Cardiovascular system: The heart as a pump; properties and physiological regulation of the systemic circulation; introduction to the pulmonary circulation; response to blood loss, response to exercise

Respiration: Anatomy and physiology (including mechanics of respiration, gaseous exchange, nervous control of breathing).

Special senses: Physiology of vision and hearing

Integrated Physiology: Combining material from physiology and metabolism lectures to understand adaptation to extreme conditions such as altitude, depth, hot and cold.

Learning outcomes

By the end of the module, students should be able to:

  • At the end of this module the students should have acquired a thorough understanding of the basics of metabolism and signal transduction as well as the physiology of the cardiovascular and respiratory system, the nervous system and special senses and how these work together and adapt to environmental conditions.
Indicative reading list
  1. Illustrative Bibliography
    Berg, Tymoczko and Stryer. Biochemistry 8th edition 2015

Vanders Human Physiology: The mechanism of body function 14th edition (McGraw Hill).

G Pocock & CH Richards Human Physiology: The Basis of Medicine. 5th Edition. OUP 2017

Berne & Levy Principles of Physiology 5th edition 2006

Associated reading

Life at the Extremes. Frances Ashcroft Flamingo 2000

Subject specific skills

At the end of this part of the module students should have acquired:

a) A thorough foundation of basic knowledge of energy generation, anabolism and metabolism.

b) Knowledge of the major metabolic pathways and their regulation.

c) Knowledge of the principles of cell signalling: signals, receptors, second messenger, main signal transduction pathways.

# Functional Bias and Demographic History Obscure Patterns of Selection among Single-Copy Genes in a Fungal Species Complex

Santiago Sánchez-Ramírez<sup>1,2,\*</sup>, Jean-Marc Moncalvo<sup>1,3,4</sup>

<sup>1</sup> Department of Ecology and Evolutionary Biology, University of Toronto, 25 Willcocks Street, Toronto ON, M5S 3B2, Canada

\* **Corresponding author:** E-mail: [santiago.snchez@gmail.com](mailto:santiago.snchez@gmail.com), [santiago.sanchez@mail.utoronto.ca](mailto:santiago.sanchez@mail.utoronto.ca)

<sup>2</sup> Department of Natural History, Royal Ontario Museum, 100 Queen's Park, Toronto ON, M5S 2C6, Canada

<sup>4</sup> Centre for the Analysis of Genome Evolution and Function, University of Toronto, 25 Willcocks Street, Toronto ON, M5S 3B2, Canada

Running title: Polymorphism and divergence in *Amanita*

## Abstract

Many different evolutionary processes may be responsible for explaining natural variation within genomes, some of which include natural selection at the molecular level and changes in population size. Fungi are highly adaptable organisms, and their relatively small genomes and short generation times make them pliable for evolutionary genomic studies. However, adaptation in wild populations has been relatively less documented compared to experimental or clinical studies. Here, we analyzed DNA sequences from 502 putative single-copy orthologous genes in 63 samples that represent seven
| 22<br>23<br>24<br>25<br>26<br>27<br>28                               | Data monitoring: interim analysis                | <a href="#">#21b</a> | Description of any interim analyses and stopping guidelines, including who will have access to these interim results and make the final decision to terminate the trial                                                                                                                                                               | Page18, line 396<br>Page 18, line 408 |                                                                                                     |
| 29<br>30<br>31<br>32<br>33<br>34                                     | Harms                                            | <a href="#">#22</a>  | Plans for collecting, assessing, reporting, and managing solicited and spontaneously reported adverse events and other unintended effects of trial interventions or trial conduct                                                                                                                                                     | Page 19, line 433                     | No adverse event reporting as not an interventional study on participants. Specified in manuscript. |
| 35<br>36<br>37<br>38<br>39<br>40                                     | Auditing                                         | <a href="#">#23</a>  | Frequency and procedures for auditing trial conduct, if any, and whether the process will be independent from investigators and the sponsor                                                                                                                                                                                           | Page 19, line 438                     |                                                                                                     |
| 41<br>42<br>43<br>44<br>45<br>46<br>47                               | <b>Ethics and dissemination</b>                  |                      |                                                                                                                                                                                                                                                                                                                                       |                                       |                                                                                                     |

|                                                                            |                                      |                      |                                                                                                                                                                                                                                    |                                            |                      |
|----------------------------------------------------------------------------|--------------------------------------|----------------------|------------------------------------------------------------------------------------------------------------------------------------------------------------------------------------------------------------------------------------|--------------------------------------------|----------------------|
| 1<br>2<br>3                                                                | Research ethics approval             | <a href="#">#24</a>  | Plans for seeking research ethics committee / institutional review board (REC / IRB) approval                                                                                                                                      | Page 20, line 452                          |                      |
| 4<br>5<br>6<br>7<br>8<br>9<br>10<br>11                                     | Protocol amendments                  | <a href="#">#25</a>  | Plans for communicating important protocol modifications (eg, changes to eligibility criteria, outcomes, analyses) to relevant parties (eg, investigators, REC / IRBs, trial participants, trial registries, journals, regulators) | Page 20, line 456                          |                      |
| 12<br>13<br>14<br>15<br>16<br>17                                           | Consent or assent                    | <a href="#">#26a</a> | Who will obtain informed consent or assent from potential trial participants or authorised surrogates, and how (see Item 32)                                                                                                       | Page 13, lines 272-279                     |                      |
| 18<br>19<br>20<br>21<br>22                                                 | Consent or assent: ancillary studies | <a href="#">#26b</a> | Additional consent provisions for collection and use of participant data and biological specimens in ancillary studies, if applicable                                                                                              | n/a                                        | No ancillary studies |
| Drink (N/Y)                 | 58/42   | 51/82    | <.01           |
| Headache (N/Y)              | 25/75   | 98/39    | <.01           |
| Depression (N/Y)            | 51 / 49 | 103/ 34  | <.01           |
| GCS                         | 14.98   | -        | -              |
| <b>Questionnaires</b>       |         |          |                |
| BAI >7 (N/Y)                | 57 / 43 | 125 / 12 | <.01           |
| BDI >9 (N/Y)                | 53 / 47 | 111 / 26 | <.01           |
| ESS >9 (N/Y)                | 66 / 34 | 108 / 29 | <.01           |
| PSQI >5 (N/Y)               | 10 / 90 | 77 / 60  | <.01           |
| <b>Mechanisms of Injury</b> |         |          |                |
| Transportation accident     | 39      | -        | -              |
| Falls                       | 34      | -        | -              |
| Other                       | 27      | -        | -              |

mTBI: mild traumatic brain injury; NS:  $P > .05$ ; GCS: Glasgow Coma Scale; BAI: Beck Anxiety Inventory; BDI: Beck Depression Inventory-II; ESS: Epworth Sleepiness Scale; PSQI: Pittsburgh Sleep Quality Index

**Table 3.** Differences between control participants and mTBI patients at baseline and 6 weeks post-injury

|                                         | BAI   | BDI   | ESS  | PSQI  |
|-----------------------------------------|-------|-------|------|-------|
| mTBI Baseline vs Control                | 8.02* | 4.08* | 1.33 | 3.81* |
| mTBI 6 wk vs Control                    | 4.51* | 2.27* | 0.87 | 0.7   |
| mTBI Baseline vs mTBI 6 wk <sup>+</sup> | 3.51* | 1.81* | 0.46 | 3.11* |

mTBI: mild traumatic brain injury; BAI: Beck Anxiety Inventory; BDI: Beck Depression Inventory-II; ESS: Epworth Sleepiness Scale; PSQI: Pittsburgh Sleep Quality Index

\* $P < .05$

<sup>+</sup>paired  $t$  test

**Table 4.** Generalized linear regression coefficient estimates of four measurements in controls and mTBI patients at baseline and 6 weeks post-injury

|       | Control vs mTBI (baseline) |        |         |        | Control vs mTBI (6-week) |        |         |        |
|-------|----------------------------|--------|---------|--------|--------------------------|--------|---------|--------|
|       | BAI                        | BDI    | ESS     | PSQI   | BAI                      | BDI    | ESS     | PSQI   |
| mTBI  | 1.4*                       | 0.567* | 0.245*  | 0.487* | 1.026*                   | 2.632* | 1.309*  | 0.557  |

d) An understanding of neurobiology, the cardiovascular system, respiratory system and special senses.

e) Some appreciation of how this knowledge can be applied to understand how whole organisms adapt to extreme conditions.

Transferable skills
  1. Critical appraisal of source material
  2. Self directed learning
  3. Adult learning

Study time

Type Required
Lectures 38 sessions of 1 hour (21%)
Tutorials 6 sessions of 1 hour (3%)
Private study 136 hours (76%)
Total 180 hours
Private study description

Independent learning, self directed learning and revision for exams.

Costs

No further costs have been identified for this module.

You do not need to pass all assessment components to pass the module.

Students can register for this module without taking any assessment.

Assessment group D1
Weighting Study time
Invigilated in-module tests 10%

Invigilated in-module MCQ based exam

Invigilated in-module tests 10%
Online Examination 80%

MCQ based exam


  • Online examination: No Answerbook required
Feedback on assessment

Instant feedback on in-module tests will be provided by Moodle - scores will be given immediately the test has ended.\r\n\r\n\r\n

Past exam papers for BS129

Courses

This module is Core for:

  • Year 1 of UBSA-C700 Undergraduate Biochemistry
  • Year 1 of ULFA-C1A2 Undergraduate Biochemistry (MBio)
  • Year 1 of ULFA-C702 Undergraduate Biochemistry (with Placement Year)
  • Year 1 of ULFA-C1A6 Undergraduate Biochemistry with Industrial Placement (MBio)
  • Year 1 of UBSA-3 Undergraduate Biological Sciences
  • Year 1 of ULFA-C1A1 Undergraduate Biological Sciences (MBio)
  • Year 1 of ULFA-C113 Undergraduate Biological Sciences (with Placement Year)
  • Year 1 of ULFA-C1A5 Undergraduate Biological Sciences with Industrial Placement (MBio)
  • Year 1 of UBSA-C1B9 Undergraduate Biomedical Science
  • Year 1 of ULFA-C1A3 Undergraduate Biomedical Science (MBio)
  • Year 1 of ULFA-C1A7 Undergraduate Biomedical Science with Industrial Placement (MBio)
  • Year 1 of ULFA-CB18 Undergraduate Biomedical Science with Placement Year
  • Year 1 of ULFA-B140 Undergraduate Neuroscience (BSc)
  • Year 1 of ULFA-B142 Undergraduate Neuroscience (MBio)
  • Year 1 of ULFA-B143 Undergraduate Neuroscience (with Industrial Placement) (MBio)
  • Year 1 of ULFA-B141 Undergraduate Neuroscience (with Placement Year) (BSc)